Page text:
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In how many ways we could put $n+5$ indistinguishable balls into $n$ distinguishable boxes and at least $2$ boxes have to be empty?

This is my answer: ${n}\choose{2} $$\cdot$$ {n+5+n-2-1}\choose{n+5}$ because first of all we have to choose $2$ empty boxes and after that we put $n+5$ balls into $n-2$ boxes. Is it correct?

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  • $\begingroup$ How many balls are there? In the first sentence you say $n+1$ balls, but later it changes to $n+5$ balls. $\endgroup$ – user940 Sep 6 '15 at 16:22
  • $\begingroup$ @ByronSchmuland n+5! Sorry for that! $\endgroup$ – user268444 Sep 6 '15 at 16:34
  • $\begingroup$ You will be overcounting, e.g. if boxes 1-2 is one combo kept empty, box 3 may be another empty box, but boxes 1-3 and 2-3 will again figure as initial empty combos. $\endgroup$ – true blue anil Sep 6 '15 at 16:53
  • $\begingroup$ Hint: How many ways can you put the $n+5$ balls in the remaining $n-2$ boxes with no empty boxes? $\endgroup$ – user940 Sep 6 '15 at 17:30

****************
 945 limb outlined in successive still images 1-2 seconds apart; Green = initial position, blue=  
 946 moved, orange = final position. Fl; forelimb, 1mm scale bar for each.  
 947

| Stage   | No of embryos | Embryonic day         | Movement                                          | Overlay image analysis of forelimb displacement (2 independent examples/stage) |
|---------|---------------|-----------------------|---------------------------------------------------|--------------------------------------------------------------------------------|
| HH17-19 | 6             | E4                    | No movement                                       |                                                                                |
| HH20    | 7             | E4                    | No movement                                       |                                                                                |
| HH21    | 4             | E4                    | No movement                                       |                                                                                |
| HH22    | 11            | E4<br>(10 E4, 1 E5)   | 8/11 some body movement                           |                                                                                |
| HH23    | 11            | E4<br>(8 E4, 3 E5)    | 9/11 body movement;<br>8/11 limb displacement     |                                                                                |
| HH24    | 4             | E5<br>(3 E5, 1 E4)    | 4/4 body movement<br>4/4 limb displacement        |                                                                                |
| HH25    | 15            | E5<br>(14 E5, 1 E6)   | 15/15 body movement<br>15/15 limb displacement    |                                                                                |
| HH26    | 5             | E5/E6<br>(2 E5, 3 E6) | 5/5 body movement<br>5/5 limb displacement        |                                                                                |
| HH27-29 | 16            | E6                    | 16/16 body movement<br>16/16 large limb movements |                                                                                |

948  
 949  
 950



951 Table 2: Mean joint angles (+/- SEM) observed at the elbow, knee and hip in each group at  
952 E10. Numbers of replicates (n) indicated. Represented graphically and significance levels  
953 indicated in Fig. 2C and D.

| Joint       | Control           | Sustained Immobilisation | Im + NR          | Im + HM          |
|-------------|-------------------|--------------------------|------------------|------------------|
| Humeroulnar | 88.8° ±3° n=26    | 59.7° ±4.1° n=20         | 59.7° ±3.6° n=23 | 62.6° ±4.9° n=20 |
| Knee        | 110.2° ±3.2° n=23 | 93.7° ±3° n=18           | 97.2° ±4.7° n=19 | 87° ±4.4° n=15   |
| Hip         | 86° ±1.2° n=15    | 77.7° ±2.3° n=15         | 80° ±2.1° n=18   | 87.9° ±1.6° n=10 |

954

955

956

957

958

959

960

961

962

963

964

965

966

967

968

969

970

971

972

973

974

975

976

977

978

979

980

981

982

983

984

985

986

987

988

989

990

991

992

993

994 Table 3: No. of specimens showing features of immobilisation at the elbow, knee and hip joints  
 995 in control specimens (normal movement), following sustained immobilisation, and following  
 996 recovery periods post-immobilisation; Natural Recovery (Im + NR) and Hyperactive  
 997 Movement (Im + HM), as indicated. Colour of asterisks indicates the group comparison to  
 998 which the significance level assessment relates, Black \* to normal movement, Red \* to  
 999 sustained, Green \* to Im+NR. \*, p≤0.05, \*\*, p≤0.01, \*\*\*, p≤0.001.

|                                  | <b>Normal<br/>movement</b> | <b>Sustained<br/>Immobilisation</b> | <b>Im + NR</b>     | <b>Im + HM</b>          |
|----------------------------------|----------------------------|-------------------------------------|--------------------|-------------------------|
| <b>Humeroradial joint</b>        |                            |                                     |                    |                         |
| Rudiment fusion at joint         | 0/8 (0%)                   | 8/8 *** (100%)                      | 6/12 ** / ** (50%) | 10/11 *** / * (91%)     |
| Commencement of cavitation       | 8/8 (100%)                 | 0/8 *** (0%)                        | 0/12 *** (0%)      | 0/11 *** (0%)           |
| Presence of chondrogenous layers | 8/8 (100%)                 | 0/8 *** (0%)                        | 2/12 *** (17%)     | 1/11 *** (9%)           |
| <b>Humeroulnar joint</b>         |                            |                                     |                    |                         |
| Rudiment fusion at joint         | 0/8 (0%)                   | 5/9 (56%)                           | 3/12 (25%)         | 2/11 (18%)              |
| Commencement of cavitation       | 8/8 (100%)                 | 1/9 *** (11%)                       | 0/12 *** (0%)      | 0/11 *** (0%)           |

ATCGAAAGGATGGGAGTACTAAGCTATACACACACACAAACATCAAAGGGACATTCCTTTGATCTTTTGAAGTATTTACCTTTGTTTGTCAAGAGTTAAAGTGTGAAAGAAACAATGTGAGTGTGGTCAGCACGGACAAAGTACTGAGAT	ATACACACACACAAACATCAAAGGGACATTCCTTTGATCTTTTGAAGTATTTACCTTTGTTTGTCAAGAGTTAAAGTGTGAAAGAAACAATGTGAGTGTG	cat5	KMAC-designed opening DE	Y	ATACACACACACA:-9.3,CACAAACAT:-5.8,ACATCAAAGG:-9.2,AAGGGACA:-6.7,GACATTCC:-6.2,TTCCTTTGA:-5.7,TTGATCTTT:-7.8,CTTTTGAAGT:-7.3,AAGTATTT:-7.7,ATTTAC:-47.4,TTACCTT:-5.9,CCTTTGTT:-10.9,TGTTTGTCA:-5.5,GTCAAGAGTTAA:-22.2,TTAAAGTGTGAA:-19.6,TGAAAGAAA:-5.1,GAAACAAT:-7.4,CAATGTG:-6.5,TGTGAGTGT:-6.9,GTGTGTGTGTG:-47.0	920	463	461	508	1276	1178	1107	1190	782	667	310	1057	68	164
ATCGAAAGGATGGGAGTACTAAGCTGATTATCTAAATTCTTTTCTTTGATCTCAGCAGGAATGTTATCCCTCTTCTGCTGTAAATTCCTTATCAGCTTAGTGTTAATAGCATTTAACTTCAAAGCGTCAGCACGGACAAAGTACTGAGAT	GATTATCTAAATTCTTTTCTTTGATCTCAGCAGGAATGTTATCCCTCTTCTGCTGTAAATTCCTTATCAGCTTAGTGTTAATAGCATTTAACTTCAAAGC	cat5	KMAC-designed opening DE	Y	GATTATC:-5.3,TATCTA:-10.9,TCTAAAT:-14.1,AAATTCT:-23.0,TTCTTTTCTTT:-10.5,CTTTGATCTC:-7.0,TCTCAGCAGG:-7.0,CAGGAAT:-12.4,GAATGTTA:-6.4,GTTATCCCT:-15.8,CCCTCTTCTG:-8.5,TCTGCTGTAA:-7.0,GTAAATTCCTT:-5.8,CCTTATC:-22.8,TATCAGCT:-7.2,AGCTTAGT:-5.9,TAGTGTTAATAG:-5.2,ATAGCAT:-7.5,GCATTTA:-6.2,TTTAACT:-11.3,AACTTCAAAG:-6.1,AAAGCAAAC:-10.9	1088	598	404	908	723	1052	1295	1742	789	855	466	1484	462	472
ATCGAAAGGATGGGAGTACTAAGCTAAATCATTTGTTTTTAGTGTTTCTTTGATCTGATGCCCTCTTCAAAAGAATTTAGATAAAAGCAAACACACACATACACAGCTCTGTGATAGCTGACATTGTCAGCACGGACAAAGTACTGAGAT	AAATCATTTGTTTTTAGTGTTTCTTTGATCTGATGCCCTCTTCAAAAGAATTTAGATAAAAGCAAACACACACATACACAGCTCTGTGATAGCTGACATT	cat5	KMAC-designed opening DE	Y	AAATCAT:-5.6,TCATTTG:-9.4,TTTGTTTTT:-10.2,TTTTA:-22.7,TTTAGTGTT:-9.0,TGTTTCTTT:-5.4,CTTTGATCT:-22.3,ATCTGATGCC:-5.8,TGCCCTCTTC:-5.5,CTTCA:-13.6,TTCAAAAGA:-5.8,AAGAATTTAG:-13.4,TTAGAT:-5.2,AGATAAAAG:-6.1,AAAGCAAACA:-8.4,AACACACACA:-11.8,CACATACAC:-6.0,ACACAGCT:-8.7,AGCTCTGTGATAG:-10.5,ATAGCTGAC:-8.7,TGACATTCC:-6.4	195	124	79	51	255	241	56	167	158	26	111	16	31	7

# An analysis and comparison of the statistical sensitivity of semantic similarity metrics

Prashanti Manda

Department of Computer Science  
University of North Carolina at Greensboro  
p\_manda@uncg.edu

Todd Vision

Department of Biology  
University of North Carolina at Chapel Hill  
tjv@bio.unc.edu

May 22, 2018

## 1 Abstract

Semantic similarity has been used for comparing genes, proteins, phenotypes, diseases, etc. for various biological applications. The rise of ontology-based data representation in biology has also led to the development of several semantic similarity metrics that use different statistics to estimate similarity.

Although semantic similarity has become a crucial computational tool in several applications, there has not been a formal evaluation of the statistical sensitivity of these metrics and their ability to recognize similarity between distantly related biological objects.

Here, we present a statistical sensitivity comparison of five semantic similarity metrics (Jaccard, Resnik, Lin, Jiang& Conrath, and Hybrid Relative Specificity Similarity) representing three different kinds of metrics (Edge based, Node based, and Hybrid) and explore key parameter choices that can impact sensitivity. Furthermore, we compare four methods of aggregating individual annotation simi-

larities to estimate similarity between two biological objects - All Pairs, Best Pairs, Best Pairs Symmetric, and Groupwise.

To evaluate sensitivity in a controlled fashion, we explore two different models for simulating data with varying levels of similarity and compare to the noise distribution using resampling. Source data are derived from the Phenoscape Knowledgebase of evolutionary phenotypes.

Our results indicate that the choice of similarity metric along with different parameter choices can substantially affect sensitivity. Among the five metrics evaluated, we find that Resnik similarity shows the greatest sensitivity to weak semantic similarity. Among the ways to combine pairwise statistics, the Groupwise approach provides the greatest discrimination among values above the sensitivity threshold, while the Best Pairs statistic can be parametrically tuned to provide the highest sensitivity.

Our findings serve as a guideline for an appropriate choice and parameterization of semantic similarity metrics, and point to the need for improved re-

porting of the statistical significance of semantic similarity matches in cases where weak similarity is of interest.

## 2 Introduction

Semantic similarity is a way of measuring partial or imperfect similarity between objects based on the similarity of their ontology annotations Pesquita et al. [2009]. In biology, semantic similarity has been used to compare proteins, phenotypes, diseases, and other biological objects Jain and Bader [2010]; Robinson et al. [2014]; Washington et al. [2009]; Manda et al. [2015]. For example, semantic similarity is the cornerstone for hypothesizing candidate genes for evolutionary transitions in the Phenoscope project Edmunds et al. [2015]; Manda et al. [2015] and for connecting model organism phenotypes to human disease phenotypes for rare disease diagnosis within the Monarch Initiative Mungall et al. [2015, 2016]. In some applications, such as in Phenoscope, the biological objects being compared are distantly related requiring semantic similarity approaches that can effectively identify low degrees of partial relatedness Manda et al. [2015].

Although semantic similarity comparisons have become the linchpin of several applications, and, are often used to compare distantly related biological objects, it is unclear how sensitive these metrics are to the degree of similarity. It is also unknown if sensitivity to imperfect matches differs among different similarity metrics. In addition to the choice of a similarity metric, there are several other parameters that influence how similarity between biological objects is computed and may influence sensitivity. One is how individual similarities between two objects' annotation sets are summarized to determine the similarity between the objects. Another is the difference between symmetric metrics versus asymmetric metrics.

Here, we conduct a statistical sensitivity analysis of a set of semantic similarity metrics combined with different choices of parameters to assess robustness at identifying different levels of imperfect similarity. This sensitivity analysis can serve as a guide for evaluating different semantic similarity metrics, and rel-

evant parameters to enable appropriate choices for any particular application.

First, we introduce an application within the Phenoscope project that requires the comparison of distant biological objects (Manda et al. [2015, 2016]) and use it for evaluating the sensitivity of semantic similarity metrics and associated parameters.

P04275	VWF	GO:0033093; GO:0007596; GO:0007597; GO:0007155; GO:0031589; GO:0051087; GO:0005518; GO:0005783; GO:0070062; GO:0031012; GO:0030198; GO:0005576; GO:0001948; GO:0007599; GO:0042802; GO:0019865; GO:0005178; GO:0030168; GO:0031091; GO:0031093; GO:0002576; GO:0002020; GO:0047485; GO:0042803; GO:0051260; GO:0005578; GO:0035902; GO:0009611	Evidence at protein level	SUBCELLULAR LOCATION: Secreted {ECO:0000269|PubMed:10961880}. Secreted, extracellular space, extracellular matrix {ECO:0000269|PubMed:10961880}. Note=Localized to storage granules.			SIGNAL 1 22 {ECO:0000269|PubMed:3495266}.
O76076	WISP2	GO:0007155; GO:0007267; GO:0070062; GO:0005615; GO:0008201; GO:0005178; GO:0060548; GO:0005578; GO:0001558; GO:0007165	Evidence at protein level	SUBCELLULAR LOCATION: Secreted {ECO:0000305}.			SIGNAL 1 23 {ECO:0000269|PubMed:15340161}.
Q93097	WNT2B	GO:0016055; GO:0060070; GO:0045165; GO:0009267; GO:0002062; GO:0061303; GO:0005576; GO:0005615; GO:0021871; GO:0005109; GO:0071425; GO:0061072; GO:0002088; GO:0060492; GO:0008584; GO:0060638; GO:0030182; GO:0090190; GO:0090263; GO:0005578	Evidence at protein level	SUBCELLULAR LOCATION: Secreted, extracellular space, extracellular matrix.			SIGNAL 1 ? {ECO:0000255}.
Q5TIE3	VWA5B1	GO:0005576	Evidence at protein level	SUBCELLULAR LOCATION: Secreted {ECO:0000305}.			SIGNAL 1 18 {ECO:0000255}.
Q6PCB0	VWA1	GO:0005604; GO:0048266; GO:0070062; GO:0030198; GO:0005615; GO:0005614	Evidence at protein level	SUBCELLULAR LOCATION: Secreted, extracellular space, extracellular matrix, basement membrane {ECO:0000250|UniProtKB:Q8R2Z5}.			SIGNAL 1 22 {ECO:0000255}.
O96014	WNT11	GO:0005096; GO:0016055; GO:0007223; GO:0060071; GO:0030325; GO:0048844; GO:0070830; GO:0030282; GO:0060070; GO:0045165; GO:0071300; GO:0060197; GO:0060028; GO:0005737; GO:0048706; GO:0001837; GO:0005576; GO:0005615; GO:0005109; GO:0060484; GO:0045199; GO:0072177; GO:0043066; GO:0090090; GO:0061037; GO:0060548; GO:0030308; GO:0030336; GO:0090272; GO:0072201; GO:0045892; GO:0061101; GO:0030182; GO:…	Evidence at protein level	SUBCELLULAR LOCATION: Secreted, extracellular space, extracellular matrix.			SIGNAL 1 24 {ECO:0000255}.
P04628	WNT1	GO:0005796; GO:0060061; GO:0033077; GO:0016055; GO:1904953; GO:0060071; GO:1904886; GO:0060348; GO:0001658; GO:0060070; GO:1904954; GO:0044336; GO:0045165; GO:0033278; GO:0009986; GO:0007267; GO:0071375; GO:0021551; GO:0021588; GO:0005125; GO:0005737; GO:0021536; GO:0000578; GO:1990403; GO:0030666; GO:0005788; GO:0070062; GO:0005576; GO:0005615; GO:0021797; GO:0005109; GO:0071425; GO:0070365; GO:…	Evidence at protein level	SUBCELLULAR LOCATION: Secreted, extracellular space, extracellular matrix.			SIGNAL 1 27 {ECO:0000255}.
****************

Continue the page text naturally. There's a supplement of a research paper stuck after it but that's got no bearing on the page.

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$\textbf{Hint}$:

First count the number of ways to distribute the balls without any restrictions,

and then subtract the number of distributions with

A) no empty box$\;\;$ and $\;\;$B) exactly one empty box.

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One way is to sum up using Theorem 1 of stars and bars for $2$ through $(n-1)$ empty boxes

$$\sum_{k=2}^{n-1} {n\choose k}{n+5-1\choose n-k-1}$$

but user84413's approach is more efficient.

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  • $\begingroup$ You get an identity by equating both ;-) $\endgroup$ – vonbrand Sep 8 '15 at 23:16

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